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1983: Cable car tragedy at Sentosa

Seven people were killed in the accident, giving rise to a sense of apprehension towards the then-fledging island resort development.
Monday, February 22, 2016 - 05:50

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Major investments had already gone into its development since the formation of Sentosa Development Corporation in 1972. Unfortunately, tragedy struck 10 years later.

Two cable cars plunged into the Sentosa waterway on Jan 29, 1983 after the cable was struck by a rig being towed out to sea at the nearby Keppel Harbour. One of the cars was empty, but the five passengers in the other car were killed. Another cable car oscillated so violently that three passengers were thrown out, of whom only one survived the ordeal.

A gripping rescue mission over the next several hours recovered another 13 passengers who were trapped in four cars - two cars over land and two over water - between Mount Faber and Sentosa. But a total of seven people lost their lives in this accident.

To prevent similar occurrences, the government implemented various measures such as legislating and implementing new height restrictions for vessels entering Keppel Harbour. More than 30 years on, Sentosa has come into its own as a prominent tourist destination in Asia.

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1983 was also the year that saw some major corporate actions that eventually led to the formation of some of Singapore’s prominent corporations today.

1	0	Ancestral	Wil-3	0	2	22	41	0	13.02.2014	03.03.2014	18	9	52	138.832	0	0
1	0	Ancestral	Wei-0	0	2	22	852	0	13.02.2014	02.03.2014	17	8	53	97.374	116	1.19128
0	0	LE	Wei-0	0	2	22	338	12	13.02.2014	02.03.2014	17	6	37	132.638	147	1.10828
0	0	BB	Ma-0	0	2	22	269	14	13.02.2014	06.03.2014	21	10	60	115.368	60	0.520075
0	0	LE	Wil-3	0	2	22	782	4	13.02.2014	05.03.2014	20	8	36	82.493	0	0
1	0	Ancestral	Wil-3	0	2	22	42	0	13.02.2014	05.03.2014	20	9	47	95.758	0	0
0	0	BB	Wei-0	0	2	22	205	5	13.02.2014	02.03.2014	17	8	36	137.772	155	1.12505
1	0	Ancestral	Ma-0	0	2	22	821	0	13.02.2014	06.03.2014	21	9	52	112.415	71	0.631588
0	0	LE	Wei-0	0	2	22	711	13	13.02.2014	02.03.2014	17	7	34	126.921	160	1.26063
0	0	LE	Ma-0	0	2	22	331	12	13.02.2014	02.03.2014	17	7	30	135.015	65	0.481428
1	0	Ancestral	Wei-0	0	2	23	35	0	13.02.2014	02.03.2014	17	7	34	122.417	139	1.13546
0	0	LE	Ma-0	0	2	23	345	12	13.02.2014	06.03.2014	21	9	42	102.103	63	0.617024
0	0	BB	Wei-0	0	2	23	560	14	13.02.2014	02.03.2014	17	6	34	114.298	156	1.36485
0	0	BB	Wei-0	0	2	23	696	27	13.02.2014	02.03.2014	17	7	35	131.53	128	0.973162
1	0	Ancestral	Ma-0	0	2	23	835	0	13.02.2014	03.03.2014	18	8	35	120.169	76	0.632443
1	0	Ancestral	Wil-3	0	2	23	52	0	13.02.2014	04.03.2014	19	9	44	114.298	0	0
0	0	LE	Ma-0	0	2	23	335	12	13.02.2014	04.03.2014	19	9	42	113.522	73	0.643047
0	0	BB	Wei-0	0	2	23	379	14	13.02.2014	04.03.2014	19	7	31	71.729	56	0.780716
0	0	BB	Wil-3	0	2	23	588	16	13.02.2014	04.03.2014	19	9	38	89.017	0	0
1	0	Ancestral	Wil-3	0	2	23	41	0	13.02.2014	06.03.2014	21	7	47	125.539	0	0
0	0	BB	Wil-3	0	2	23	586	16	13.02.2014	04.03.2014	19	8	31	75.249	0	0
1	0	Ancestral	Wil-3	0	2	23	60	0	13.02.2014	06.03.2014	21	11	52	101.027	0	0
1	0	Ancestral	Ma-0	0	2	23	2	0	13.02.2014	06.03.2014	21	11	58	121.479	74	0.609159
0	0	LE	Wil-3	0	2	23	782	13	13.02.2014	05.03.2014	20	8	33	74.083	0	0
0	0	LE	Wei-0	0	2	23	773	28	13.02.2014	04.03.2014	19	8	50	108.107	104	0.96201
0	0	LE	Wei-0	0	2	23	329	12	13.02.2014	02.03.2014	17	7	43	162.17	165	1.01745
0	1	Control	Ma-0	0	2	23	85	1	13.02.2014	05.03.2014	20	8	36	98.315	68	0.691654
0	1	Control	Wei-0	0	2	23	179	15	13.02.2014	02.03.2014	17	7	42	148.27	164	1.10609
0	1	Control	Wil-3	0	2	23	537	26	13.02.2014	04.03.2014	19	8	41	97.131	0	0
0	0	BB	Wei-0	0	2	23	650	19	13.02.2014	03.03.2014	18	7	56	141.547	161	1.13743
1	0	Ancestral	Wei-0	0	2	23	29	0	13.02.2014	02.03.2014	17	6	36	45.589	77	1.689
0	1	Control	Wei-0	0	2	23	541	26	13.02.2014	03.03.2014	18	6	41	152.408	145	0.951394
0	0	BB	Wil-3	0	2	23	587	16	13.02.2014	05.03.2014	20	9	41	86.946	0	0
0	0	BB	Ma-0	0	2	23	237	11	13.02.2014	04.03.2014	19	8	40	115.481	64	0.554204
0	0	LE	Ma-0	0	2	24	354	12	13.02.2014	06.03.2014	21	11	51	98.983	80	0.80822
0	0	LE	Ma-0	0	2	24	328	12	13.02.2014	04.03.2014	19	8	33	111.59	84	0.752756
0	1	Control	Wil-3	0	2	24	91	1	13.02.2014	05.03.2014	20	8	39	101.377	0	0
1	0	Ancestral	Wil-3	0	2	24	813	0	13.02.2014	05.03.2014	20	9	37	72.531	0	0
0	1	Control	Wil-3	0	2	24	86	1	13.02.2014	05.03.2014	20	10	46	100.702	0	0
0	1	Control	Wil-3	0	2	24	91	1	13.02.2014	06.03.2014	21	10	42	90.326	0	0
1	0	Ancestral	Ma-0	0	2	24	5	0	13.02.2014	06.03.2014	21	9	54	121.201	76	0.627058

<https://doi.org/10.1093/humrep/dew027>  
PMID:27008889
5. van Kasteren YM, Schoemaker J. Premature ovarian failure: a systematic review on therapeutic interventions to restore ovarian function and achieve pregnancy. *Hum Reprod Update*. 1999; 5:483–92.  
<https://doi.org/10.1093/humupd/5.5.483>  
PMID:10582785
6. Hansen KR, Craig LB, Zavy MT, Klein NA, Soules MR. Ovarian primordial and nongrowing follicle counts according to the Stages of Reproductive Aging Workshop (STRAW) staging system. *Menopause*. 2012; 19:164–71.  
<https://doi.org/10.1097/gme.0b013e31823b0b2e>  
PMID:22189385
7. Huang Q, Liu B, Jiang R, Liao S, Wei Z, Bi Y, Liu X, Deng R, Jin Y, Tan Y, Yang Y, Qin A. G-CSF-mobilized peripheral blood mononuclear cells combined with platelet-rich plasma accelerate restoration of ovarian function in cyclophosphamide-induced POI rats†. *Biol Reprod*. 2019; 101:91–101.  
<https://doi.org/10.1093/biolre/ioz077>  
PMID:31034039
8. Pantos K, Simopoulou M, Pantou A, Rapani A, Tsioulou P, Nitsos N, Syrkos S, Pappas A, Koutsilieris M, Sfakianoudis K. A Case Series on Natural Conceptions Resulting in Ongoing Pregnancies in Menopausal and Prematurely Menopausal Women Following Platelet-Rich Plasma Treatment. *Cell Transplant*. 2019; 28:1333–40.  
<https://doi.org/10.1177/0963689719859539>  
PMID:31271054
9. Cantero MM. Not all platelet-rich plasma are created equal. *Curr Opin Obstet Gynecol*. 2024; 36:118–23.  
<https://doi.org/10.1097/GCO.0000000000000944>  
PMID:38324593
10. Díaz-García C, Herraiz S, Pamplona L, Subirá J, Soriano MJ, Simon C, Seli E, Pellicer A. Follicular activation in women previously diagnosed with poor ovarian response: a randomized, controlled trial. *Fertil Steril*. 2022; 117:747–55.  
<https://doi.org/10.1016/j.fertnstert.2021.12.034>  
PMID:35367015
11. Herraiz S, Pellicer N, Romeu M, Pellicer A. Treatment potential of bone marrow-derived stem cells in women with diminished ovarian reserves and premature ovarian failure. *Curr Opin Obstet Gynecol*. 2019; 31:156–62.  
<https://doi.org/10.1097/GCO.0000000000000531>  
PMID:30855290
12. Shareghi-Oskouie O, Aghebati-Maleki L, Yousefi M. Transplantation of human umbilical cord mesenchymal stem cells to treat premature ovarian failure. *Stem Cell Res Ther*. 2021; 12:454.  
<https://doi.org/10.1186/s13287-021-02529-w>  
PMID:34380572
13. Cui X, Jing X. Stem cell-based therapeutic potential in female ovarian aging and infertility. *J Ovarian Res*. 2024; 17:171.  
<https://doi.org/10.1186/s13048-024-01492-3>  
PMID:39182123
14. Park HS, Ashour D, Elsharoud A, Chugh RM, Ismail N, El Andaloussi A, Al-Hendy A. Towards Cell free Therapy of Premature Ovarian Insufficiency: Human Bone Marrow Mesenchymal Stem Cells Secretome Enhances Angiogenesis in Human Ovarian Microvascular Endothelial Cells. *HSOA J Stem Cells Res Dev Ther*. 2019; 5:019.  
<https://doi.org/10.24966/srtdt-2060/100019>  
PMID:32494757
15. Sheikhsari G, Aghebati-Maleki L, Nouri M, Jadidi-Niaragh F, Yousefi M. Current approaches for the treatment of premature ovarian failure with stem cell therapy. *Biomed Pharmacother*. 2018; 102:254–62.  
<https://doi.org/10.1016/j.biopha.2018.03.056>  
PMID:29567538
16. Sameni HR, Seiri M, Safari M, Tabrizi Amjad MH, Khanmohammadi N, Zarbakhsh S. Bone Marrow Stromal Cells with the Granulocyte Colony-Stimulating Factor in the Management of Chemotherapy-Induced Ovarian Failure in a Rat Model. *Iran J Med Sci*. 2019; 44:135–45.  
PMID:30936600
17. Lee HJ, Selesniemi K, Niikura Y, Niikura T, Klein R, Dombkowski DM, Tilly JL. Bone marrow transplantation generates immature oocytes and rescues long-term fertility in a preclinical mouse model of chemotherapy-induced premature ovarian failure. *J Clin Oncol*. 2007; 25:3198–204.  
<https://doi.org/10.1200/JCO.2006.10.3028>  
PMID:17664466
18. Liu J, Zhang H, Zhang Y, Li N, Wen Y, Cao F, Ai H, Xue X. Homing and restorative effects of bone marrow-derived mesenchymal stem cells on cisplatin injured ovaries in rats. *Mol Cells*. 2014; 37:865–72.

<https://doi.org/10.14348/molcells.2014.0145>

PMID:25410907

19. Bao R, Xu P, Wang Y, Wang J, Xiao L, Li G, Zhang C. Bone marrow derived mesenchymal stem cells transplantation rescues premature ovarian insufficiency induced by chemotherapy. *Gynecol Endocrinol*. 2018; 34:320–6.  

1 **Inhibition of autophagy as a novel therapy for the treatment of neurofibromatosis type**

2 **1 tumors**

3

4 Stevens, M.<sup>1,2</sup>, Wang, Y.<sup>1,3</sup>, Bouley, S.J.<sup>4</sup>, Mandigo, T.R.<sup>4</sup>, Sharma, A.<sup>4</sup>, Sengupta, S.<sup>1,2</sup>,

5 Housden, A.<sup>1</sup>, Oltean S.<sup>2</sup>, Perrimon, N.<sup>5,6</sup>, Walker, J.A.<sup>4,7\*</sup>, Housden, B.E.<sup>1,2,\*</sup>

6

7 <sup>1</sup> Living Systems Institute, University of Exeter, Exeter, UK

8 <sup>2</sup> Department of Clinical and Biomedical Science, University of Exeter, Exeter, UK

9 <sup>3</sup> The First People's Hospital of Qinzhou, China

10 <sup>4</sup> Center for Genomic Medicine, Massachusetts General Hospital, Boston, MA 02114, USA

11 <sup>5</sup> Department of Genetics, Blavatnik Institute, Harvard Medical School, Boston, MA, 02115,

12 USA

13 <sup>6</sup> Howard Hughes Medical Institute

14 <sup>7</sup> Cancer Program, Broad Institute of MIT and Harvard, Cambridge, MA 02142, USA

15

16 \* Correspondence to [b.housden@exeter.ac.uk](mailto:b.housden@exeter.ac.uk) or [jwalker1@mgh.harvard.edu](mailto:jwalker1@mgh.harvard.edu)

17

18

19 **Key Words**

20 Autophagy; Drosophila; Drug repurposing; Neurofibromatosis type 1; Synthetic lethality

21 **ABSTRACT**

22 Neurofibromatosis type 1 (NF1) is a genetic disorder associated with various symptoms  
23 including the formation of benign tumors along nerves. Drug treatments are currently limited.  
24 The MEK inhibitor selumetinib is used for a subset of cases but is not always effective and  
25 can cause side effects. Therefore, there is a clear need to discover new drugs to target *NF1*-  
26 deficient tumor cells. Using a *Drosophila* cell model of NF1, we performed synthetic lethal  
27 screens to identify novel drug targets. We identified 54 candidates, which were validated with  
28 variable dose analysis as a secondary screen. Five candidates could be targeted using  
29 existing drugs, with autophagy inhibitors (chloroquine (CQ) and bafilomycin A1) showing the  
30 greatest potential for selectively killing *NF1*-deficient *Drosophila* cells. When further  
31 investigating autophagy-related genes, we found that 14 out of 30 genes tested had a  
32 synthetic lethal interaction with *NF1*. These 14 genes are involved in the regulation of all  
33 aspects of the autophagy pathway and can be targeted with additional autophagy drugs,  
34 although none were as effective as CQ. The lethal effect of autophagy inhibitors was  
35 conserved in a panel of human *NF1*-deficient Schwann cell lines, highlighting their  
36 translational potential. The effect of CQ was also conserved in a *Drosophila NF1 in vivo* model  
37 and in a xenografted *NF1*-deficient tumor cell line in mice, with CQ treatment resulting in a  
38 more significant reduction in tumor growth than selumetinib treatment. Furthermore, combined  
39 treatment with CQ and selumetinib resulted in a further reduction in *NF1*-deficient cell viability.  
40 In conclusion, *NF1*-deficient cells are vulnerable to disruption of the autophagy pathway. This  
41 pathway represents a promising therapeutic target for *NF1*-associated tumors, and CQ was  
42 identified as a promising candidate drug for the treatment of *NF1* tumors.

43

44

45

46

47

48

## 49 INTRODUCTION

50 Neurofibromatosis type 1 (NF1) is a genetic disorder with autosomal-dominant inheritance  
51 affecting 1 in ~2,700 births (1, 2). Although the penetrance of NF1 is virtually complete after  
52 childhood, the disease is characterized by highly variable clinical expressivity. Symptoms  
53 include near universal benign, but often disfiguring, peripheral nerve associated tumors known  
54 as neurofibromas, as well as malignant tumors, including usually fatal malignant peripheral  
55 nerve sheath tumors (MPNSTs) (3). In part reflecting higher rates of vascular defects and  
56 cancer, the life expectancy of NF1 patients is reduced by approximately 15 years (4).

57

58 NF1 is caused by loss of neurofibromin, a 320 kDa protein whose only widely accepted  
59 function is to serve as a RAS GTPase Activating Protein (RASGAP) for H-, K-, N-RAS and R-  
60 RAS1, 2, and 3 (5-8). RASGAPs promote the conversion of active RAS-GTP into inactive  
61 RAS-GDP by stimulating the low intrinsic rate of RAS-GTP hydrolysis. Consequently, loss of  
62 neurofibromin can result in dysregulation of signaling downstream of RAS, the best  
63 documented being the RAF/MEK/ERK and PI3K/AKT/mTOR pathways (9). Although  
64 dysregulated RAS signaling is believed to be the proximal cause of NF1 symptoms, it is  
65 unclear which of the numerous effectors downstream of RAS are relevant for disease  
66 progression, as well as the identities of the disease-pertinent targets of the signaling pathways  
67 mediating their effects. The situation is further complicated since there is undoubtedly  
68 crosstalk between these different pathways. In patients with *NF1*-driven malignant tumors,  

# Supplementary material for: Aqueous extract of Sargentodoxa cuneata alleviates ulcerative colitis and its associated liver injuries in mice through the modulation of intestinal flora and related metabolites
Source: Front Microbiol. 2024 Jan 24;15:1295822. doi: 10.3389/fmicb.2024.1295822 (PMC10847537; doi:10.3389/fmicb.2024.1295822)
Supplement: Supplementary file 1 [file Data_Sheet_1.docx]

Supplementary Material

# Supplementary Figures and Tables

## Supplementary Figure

Keppel Shipyard’s ambitious S$500 million move to acquire The Straits Steamship Company, an established shipping company with substantial land holdings in Singapore, was critical in the creation of Singapore’s largest industrial conglomerate listed here, Keppel Corporation.

Under the Keppel umbrella, Straits Steamship’s non-property businesses were grouped under Steamers Maritime Holdings (Steamers), which later became Keppel Telecommunications & Transportation. The renamed Straits Steamship Land became the property unit known today as Keppel Land.

In 1983, The Business Times also covered how the Monetary Authority of Singapore defended the Singapore dollar from speculators by selling US$50 million through a broker in the foreign exchange market. Looming US interest rates hikes, a fall in the Indonesian rupiah and a potential currency devaluation race in other parts of the world had fuelled rumours about a potential devaluation of Singapore's currency not just in domestic markets, but also in London, Jakarta and New York. That move by MAS, however, quashed such rumours.

The Business Times has been there to report and analyse the most significant news since 1976. Every week, this feature will showcase excerpts from the biggest stories for each year that the paper has been in operation. The full text of all the stories can be found online at bt.sg/bt_40

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